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Don Robertson And Then I Wrote - Songs For Elvis (CD)

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1-CD DigiPac (6-plated) with 36-page booklet, 26 tracks, playing time 60:35 minutes. Here's a... more

Don Robertson: And Then I Wrote - Songs For Elvis (CD)

1-CD DigiPac (6-plated) with 36-page booklet, 26 tracks, playing time 60:35 minutes.

Here's a rare treat for Elvis collectors. No more endless out-takes, these are the original demos that Elvis heard of some of his greatest songs, all performed by the songwriter, Don Robertson. Among the Elvis classics heard in their absolutely original version are They Remind Too Much Of You; Anything That's Part Of You; Starting Today; There's Always Me; Love Me Tonight; I Met Her Today; What Now, What Next, Where To; and I'm Counting On You.

In addition to writing for Elvis, Don Robertson also invented the famous 'slip-note' piano style popularized by Floyd Cramer, and we hear several great examples of his work on this collection. 

Something truly different...and something truly great. Elvis fans and anyone intrigued by the art of the popular song will love this set.

Video von Don Robertson - And Then I Wrote - Songs For Elvis (CD)

Article properties: Don Robertson: And Then I Wrote - Songs For Elvis (CD)

  • Interpret: Don Robertson

  • Album titlle: And Then I Wrote - Songs For Elvis (CD)

  • Genre Rock'n'Roll

  • Label Bear Family Records

  • Year of publication 2003
  • Price code AR
  • Deluxe Edition
  • Artikelart CD

  • EAN: 4000127166548

  • weight in Kg 0.2
Robertson, Don - And Then I Wrote - Songs For Elvis (CD) CD 1
01 Stand In Don Robertson
02 They Remind Me Too Much Of You Don Robertson
03 Anything That's Part Of You Don Robertson
04 Humming Bird Don Robertson
05 You Don't Need Me Anymore Don Robertson
06 The Image Of Your Face Don Robertson
07 Here Comes Heartache Again Don Robertson
08 Starting Today Don Robertson
09 There's Always Me Don Robertson
10 Your Happiness Means Everything To Me Don Robertson
11 Love Me Tonight Don Robertson
12 Love Finds A Way Don Robertson
13 My Side Of The Story Don Robertson
14 Faithful Forever Don Robertson
15 Hi Lee Hi Lo Don Robertson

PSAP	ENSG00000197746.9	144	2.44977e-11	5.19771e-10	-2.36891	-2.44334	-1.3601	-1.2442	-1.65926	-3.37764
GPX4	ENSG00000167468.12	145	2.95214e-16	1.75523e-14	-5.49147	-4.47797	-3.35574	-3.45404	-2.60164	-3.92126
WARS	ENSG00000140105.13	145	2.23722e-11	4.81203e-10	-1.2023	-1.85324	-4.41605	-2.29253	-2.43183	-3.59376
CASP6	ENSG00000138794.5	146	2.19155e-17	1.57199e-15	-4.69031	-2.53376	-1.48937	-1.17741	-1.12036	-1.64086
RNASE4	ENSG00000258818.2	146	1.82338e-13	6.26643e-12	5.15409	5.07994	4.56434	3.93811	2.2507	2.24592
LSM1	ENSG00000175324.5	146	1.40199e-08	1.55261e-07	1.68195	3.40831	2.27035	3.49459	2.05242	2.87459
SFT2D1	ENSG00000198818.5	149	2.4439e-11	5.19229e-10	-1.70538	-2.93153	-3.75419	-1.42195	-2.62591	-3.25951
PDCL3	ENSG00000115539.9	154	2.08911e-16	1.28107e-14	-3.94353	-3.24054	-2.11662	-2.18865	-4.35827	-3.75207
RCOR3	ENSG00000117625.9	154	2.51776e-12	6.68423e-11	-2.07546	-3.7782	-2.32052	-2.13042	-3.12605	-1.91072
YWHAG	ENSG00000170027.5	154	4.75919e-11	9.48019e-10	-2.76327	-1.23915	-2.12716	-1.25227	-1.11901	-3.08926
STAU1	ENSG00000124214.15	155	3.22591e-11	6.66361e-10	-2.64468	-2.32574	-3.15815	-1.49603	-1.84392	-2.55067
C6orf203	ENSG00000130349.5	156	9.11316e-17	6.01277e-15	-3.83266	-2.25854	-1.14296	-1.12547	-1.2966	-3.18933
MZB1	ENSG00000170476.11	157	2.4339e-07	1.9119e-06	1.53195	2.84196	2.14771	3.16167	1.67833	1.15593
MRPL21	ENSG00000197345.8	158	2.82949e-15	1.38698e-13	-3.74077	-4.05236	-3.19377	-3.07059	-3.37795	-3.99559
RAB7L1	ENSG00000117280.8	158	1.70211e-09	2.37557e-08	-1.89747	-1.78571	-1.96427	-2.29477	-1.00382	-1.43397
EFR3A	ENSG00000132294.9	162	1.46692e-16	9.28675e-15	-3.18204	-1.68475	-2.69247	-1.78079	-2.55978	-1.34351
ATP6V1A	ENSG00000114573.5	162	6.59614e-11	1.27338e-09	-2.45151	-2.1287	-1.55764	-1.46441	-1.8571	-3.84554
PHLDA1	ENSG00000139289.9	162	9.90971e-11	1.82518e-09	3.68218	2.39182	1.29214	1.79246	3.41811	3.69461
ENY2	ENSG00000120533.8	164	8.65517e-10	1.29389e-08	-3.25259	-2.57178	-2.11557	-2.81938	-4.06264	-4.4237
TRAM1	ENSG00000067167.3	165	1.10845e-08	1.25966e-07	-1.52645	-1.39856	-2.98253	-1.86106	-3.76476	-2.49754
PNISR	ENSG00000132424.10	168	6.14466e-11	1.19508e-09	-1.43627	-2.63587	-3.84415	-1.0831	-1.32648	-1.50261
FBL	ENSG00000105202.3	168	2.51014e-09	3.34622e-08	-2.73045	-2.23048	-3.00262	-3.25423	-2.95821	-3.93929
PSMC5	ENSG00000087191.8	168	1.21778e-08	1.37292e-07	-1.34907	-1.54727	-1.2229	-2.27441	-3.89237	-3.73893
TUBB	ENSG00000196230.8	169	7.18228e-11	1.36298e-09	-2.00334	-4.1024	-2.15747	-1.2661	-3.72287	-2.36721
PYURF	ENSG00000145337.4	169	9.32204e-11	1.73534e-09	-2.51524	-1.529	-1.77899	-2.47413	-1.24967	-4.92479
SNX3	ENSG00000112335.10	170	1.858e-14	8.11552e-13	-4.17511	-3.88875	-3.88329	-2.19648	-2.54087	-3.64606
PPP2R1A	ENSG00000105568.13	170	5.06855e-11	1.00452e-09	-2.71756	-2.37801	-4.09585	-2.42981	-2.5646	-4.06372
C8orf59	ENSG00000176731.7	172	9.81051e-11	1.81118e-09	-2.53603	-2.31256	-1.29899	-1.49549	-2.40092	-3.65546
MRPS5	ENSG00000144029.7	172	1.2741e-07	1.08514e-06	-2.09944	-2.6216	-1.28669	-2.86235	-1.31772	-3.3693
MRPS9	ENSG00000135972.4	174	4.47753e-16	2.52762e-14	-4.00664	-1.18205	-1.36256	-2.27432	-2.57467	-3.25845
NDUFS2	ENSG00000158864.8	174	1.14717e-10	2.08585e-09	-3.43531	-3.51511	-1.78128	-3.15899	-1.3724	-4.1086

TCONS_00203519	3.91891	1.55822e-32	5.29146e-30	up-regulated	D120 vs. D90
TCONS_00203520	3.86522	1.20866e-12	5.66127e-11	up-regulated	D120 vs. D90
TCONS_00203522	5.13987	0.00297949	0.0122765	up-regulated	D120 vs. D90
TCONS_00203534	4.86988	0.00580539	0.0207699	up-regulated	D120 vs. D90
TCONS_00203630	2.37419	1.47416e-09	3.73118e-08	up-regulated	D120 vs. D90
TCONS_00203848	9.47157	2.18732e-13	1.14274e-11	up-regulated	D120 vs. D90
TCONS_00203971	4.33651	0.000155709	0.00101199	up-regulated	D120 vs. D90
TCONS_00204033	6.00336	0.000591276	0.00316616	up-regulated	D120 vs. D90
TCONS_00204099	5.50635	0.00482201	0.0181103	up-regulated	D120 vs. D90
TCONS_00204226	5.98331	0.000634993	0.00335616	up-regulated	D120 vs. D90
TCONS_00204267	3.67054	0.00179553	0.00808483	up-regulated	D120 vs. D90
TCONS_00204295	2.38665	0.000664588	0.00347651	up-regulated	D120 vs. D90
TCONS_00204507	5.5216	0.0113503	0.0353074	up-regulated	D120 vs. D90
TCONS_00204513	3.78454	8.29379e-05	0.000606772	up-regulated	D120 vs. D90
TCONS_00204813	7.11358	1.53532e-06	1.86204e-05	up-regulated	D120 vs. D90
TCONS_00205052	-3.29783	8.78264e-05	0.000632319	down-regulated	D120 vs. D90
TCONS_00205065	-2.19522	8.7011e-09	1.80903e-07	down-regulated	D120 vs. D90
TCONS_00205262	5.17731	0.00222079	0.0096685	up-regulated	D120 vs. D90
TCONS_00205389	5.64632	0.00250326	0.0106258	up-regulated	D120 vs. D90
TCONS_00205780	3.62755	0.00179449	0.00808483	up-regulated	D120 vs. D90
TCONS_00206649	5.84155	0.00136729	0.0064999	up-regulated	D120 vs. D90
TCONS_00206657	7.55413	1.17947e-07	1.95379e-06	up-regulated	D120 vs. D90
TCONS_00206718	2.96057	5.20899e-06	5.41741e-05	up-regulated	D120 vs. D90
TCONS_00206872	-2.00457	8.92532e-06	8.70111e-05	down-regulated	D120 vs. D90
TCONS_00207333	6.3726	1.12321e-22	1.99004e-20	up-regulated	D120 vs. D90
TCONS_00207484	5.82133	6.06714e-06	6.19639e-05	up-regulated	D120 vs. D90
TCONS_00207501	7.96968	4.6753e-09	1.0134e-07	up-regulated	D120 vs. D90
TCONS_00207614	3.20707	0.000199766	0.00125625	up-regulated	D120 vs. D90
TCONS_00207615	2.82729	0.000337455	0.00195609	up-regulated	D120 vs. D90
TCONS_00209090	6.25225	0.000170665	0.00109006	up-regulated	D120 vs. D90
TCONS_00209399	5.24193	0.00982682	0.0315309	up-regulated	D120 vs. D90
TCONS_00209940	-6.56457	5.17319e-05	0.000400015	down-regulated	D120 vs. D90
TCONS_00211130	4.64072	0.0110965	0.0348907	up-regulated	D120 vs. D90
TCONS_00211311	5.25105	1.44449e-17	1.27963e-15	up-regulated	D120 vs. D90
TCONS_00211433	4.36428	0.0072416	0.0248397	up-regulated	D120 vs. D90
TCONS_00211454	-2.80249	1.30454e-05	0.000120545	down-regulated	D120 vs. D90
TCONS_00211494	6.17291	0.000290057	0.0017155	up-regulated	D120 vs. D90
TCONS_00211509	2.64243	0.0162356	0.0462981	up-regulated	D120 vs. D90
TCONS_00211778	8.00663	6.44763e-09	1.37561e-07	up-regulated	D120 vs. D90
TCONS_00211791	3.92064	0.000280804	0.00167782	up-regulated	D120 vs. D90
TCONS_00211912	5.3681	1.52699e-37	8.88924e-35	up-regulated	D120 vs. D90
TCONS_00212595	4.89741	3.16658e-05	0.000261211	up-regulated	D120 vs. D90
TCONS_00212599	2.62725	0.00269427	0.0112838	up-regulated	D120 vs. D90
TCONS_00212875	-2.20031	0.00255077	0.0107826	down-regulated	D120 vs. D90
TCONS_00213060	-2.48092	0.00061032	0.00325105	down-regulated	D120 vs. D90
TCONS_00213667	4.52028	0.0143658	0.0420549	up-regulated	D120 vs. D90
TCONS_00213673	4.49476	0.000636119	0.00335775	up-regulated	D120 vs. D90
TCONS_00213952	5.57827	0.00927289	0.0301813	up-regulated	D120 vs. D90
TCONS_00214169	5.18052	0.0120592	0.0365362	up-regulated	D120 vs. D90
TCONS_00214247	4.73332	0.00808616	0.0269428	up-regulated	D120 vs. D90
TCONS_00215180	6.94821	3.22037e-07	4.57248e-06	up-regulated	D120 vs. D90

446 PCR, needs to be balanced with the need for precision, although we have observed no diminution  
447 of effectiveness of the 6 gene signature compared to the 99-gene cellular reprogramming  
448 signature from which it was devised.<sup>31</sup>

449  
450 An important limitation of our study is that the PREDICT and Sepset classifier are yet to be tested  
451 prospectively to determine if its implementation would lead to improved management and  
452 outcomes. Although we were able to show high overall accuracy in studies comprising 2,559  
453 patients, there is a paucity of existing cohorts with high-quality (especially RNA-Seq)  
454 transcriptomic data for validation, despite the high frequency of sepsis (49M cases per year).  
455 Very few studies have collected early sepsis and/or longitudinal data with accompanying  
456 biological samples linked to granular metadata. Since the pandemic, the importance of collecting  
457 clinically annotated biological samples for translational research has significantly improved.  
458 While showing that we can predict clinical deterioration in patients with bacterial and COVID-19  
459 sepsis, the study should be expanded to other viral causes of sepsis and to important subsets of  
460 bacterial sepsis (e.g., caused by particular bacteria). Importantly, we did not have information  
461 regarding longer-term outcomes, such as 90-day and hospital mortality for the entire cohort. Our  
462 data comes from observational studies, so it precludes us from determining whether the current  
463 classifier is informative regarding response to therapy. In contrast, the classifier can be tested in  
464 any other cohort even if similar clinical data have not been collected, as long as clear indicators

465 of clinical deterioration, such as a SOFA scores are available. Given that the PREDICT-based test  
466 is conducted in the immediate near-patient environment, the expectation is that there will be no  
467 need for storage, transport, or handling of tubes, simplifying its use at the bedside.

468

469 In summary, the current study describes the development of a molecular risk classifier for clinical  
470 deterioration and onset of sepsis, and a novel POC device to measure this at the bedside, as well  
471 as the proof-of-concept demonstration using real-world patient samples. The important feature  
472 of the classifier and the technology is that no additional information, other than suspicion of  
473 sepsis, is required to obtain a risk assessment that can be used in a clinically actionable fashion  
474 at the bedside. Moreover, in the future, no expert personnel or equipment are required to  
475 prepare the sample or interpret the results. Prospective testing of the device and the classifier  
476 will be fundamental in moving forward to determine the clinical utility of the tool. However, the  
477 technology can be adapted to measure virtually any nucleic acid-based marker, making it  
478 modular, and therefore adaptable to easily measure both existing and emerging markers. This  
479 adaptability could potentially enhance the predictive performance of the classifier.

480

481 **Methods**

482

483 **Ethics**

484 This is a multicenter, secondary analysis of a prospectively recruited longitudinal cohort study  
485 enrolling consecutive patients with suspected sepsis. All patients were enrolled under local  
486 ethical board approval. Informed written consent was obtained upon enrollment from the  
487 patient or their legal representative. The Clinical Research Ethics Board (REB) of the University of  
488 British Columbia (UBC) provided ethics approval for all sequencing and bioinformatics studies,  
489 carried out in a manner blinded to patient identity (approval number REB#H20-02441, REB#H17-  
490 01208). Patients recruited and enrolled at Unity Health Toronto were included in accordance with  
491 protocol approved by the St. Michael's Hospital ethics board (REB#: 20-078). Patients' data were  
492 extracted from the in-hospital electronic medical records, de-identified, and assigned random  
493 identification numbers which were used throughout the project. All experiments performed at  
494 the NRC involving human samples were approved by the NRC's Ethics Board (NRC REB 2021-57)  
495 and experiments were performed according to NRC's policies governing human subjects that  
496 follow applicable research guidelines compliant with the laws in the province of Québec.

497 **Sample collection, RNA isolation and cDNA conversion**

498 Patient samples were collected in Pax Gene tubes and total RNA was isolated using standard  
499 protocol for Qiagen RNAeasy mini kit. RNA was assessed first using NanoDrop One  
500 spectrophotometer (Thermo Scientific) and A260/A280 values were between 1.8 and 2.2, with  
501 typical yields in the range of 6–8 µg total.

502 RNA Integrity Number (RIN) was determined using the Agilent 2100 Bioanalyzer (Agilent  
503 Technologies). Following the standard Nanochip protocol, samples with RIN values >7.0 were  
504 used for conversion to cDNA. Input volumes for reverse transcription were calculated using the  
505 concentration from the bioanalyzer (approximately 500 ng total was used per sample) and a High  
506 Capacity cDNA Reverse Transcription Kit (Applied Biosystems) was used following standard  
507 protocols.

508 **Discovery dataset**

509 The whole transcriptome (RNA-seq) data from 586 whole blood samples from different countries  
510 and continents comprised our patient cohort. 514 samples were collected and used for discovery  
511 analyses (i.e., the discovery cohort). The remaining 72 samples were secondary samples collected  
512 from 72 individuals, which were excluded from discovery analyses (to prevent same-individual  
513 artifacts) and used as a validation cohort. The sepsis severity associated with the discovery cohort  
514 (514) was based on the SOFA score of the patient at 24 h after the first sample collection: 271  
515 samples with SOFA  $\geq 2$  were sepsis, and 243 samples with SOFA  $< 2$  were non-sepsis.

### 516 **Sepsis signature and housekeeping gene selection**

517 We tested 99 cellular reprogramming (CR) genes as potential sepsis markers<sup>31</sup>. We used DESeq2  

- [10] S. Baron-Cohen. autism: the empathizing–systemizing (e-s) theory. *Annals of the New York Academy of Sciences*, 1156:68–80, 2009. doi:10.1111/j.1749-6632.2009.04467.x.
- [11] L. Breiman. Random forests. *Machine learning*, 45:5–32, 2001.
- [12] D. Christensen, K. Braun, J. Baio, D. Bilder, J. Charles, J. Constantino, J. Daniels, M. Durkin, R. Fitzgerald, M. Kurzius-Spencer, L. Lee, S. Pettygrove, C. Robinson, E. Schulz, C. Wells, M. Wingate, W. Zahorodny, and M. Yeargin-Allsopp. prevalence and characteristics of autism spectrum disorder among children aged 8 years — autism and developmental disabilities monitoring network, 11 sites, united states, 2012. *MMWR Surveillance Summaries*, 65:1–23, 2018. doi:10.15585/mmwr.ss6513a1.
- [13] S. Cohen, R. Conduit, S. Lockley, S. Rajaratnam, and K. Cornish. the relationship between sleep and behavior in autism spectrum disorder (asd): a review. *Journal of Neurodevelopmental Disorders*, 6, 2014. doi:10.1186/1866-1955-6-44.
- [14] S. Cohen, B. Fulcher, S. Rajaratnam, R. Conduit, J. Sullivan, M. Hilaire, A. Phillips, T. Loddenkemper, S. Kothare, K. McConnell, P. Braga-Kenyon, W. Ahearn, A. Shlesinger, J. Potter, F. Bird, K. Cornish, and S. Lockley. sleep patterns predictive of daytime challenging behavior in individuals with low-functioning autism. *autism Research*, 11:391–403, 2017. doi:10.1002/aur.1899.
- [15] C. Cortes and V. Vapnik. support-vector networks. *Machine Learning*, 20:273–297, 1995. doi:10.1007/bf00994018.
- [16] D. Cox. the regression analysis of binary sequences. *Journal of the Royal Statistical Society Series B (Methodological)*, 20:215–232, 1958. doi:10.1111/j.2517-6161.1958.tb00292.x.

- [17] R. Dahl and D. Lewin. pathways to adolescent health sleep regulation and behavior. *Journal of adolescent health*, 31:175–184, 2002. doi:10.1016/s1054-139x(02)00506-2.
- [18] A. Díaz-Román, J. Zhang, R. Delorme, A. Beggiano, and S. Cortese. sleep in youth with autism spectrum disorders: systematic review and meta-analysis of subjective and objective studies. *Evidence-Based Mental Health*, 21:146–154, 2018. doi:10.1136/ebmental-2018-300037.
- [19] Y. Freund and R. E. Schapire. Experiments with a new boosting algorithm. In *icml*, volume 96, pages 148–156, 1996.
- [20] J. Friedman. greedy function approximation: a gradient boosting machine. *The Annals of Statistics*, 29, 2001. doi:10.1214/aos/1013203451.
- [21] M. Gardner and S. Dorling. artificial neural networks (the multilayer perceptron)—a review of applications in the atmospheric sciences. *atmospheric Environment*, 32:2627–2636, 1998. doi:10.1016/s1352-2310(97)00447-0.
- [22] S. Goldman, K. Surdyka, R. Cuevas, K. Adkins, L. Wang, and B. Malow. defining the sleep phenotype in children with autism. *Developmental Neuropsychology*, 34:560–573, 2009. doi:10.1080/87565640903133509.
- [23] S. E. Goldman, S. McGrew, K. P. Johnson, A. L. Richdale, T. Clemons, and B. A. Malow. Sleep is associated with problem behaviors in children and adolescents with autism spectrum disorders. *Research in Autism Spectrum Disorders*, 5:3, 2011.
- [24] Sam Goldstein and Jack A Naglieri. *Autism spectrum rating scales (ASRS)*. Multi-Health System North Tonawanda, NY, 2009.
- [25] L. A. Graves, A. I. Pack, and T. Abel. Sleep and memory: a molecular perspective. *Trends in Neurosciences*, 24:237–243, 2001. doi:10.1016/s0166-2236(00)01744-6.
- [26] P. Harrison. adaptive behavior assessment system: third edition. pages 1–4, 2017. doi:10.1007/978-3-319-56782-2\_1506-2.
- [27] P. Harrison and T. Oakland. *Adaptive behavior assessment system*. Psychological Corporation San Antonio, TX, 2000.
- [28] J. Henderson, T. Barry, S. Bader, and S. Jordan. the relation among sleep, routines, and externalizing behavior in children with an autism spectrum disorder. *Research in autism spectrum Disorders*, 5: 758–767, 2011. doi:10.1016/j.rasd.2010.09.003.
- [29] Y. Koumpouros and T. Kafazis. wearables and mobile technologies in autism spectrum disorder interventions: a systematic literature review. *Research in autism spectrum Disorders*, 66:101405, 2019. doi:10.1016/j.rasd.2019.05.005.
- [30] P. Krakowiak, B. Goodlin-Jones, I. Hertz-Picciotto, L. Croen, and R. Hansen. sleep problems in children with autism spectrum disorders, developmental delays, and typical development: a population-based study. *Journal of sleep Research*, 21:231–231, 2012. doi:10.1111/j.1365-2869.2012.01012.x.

16 I Met Her Today Don Robertson
17 What Now, What Next, Where To Don Robertson
18 Not One Minute More Don Robertson
19 Road To Heartbreak Don Robertson
20 I Hurt Don Robertson
21 Darling, Let's Go Home Don Robertson
22 I'm Counting On You (vocal by LOU DINNING) Don Robertson
23 Does He Mean That Much To You Don Robertson
24 I've Come To Say Goodbye Don Robertson
25 Feather In The Wind Don Robertson
26 Road To Heartbreak (short version) Don Robertson
Don Robertson F ew events seem less likely than the meeting of these two men: Donald Irwin... more
"Don Robertson"

Don Robertson

Few events seem less likely than the meeting of these two men: Donald Irwin Robertson, born in Peking, China, on December 5, 1922, and Elvis Aaron Presley, born in Tupelo, Mississippi, on January 8, 1935.

The distance between them was even greater than that suggested by their age and the distance between their birthplaces. One was the son of a renowned physician – the head of the Department of Medicine at Peking Union Medical College; the other grew up in a two-room shack, while his father served two years at Mississippi's notorious jail, Parchman Farm. What brought them together was music. Eventually they became friends. This seems remarkable enough, but what's really stunning is that Don Robertson actually helped to mold Elvis Presley's ballad style. The 'King' recorded fourteen of Don Robertson's songs, starting with I'm Counting On You at his first RCA recording session in January 1956, and ending with I Really Don't Want To Know in 1970 

When I'm Counting On You was released, Don had already made himself a name as songwriter and artist. Though he was gifted, he had worked hard and long at his career. It was his mother Ruth who taught him the piano, while the family lived in China: "My mother was a good amateur pianist and poet and playwright. We had an upright piano in the house in Peking." She noticed him picking out tunes on the piano before he was four. When they returned to Chicago in 1927, she started him with a teacher. "I began making up songs with words and music at about age seven, began writing poetry around this time, too and continue to this day. As a child, I wanted to be a concert pianist. I was also a boy soprano in a church choir.”  His early piano training was classical. In his high school days, he turned to jazz and pop.